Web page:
ROME—On Monday, the scandal-plagued Legionaries of Christ religious order published its latest report detailing what they have done and what they still need to do to repair the damage done and guarantee safe spaces for minors, from third-party investigations to mandatory formation seminars and revealing the names of priests found guilty of abuse.
The religious congregation continues to claim it is cleaning house, after a report released last year showed that the late Father Marcial Maciel Degolaldo, founder of the Legionaries, was far from being the only abusive priest in the movement.
Titled “Truth, Justice and Healing 2020 Annual Report,” the document looks into the implementation of two documents produced at last year’s annual chapter for the order: “Protect and heal” and “Conversion and reparation in relation to the sexual abuse of minors and safe environments.”
According to the Legion, in releasing the report they “first of all bear in mind all the victims who have suffered abuse, known and unknown,” adding that a year ago, they had assured victims and their families of their will to convert and repair the damage with concrete actions. The document also calls on other members of the order to work on healing the wounds of the victims of abuse, while asking the Church in general and society as a whole to “help us to carry out” this determination to prevent abuse and repair the damage of past abuse.
“We keep in our hearts the words that Pope Francis addressed to us at the end of the 2020 General Chapter,” says the report’s introduction. “The path of renewal has not ended, because the change of mentality in individuals and in an institution requires a long time to assimilate, and therefore a continuous conversion.”
Concrete steps in that renewal were established in the two documents released Feb. 26, 2020, and the following report published March 22.
“Protect and Heal,” is a 21-page decree officially establishing clear principles, policies and norms for the protection of minors and vulnerable adults in all institutions run by the Legionaries. These norms include mandatory reporting and procedures for investigation, as well as emphasizing there will be sanctions for those guilty of negligence or the cover-up of abuse.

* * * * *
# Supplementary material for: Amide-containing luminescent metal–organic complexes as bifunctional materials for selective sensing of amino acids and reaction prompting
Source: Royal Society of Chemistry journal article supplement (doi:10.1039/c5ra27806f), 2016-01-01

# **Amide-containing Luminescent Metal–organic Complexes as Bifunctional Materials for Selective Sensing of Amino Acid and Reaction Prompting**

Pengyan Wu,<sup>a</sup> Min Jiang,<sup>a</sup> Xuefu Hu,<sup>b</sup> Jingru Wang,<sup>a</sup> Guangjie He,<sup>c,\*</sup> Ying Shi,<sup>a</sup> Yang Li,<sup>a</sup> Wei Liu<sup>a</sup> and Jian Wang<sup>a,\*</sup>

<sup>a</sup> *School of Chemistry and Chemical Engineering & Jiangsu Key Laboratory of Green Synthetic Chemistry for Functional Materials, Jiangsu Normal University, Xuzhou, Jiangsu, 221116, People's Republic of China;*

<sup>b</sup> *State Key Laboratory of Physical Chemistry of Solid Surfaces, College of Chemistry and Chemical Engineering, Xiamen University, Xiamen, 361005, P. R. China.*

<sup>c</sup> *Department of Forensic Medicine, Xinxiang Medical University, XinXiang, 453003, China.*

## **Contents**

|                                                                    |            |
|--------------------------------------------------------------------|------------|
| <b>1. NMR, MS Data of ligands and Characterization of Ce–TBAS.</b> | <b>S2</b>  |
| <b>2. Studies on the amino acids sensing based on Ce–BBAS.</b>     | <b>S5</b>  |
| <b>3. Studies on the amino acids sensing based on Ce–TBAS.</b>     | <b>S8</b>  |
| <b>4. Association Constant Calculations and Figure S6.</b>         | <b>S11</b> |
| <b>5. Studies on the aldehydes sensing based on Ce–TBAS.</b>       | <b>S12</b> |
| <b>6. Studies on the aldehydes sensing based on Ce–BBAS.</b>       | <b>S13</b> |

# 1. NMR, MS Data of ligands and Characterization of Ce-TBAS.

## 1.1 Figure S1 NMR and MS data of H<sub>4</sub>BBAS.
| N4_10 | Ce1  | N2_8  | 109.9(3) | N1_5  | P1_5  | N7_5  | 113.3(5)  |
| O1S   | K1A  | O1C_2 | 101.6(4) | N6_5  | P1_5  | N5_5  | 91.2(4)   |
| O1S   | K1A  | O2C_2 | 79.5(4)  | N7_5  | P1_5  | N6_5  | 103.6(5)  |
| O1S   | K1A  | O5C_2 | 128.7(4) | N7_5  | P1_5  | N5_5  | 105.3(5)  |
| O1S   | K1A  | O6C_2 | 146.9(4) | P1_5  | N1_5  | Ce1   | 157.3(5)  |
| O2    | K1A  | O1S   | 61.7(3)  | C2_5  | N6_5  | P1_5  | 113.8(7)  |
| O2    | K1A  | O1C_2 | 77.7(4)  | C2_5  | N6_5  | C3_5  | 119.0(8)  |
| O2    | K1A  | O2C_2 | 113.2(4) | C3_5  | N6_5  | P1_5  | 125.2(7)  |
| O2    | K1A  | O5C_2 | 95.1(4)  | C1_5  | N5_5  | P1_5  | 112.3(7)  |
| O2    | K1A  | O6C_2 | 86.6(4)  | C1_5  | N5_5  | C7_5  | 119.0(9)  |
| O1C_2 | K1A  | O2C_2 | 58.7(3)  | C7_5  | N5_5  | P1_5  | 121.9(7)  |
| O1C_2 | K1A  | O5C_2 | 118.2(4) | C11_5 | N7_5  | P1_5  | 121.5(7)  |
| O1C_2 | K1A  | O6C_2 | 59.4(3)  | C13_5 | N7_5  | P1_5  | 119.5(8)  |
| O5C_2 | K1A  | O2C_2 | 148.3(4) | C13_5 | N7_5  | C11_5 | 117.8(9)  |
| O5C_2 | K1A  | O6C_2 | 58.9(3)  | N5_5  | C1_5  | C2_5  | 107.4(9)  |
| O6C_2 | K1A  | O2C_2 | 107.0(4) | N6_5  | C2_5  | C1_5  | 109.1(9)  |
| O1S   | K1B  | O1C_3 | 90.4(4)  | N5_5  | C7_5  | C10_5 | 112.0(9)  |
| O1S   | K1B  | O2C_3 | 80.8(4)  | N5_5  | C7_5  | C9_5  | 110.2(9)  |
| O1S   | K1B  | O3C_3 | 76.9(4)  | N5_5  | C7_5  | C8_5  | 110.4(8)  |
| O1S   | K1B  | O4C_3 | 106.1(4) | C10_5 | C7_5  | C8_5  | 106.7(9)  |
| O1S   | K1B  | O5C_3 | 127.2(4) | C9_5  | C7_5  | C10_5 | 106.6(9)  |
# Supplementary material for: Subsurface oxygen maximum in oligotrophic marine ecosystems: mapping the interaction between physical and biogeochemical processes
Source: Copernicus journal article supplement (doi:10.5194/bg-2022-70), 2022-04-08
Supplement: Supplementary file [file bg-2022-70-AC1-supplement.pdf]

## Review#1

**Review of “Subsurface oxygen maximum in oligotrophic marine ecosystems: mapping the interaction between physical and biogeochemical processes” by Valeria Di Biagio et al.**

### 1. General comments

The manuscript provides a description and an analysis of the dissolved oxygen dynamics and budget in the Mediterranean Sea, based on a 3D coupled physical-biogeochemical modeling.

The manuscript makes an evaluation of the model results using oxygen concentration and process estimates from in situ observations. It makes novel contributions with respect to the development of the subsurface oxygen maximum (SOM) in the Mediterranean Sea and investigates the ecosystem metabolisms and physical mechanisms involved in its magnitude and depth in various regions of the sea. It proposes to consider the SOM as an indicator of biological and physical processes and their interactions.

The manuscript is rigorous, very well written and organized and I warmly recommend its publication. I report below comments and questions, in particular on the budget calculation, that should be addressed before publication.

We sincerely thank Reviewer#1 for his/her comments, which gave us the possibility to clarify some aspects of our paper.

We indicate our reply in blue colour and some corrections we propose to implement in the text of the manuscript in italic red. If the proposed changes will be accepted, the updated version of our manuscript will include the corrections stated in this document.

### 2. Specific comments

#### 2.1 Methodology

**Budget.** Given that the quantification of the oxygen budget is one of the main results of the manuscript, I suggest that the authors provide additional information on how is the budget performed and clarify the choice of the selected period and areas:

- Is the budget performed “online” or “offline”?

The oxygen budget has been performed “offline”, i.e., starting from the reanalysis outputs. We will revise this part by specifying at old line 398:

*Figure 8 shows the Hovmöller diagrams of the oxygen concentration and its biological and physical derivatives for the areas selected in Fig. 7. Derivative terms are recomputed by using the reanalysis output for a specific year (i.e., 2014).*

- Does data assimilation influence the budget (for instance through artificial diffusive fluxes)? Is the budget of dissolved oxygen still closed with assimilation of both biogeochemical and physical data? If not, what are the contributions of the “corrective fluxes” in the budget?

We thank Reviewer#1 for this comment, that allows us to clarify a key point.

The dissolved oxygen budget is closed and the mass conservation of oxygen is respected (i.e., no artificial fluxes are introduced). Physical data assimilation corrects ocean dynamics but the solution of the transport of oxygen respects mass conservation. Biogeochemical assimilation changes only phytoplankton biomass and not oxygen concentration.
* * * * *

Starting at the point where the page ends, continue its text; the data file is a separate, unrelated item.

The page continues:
The measures also include commitments to assisting survivors and “investigating and clarifying cases of abuse from its past in order to reach out to those affected and restore justice,” the document says.
The second document, titled “Conversion and Reparation,” is a 10-page “communique” addressed to all members, pledging the start of a new “mindset” and culture of empathy, conversion, reparation and justice through concrete action and change.
It also addresses all survivors and their families, asking for their forgiveness and officially retracting the negative “judgments” lodged against people “who made legitimate and necessary accusations,” recognizing their voices as being “prophetic” in favor of truth and justice.
The commitments agreed up through both documents, this week’s report says, can be summarized in five points: Attention to victims; reviewing and updating the investigation of past cases; publishing cases of members of the Legion who have been found guilty, taking into account local civil legislation; clarification of possible cases of cover-up or neglect; and a safe environment policy.
Among the steps taken since the end of the General Chapter, the Legionaries of Christ now have an independent and safe channel for victims and survivors of abuse to come forward called Eshma, and has been working with CEPROME, the center for child protection at the Pontifical University of Mexico to provide abuse prevention and safe environments formation.
The document also provides an update on the allegations the Legion has received and investigated. Two-thirds of the Legion’s priestly victims — 60 — were allegedly abused by Maciel, the order’s founder. Most were boys between age 11 and 16.
A report on allegations presented last year, looking into cases from 1941, had collected accusations against 33 Legionary priests. Monday’s report clarified that in two of the cases, “it was not possible to confirm that it was a case of sexual abuse against a minor”: In one of the cases involving a deceased priest, the person who’d made the allegation later clarified that the abuse he suffered hadn’t been sexual; and three of the cases, involving men who are no longer members of the order, are still being investigated.
Of the 27 priests found guilty, or who have confessed their guilt, 16 are still members of the congregation, though not in active ministry.
In 2010, the Vatican took over the Legion and imposed a process of reform, after an investigation showed that Maciel had sexually abused seminarians and fathered at least three children with two women. Maciel was removed from ministry by Pope Benedict XVI in 2006. The German pope had conducted the investigation against the Mexican priest while he was the head of the Congregation for the Doctrine of the Faith, the Vatican office that deals with allegations of clerical abuse against minors.
The Vatican found he had created a system of power built on silence, deceit and obedience that enabled him lead a double life, and which led to a multigenerational chain of abuses: A third of the priestly abusers were themselves victims of Maciel, while others were victims of his victims.
Follow Inés San Martín on Twitter: @inesanma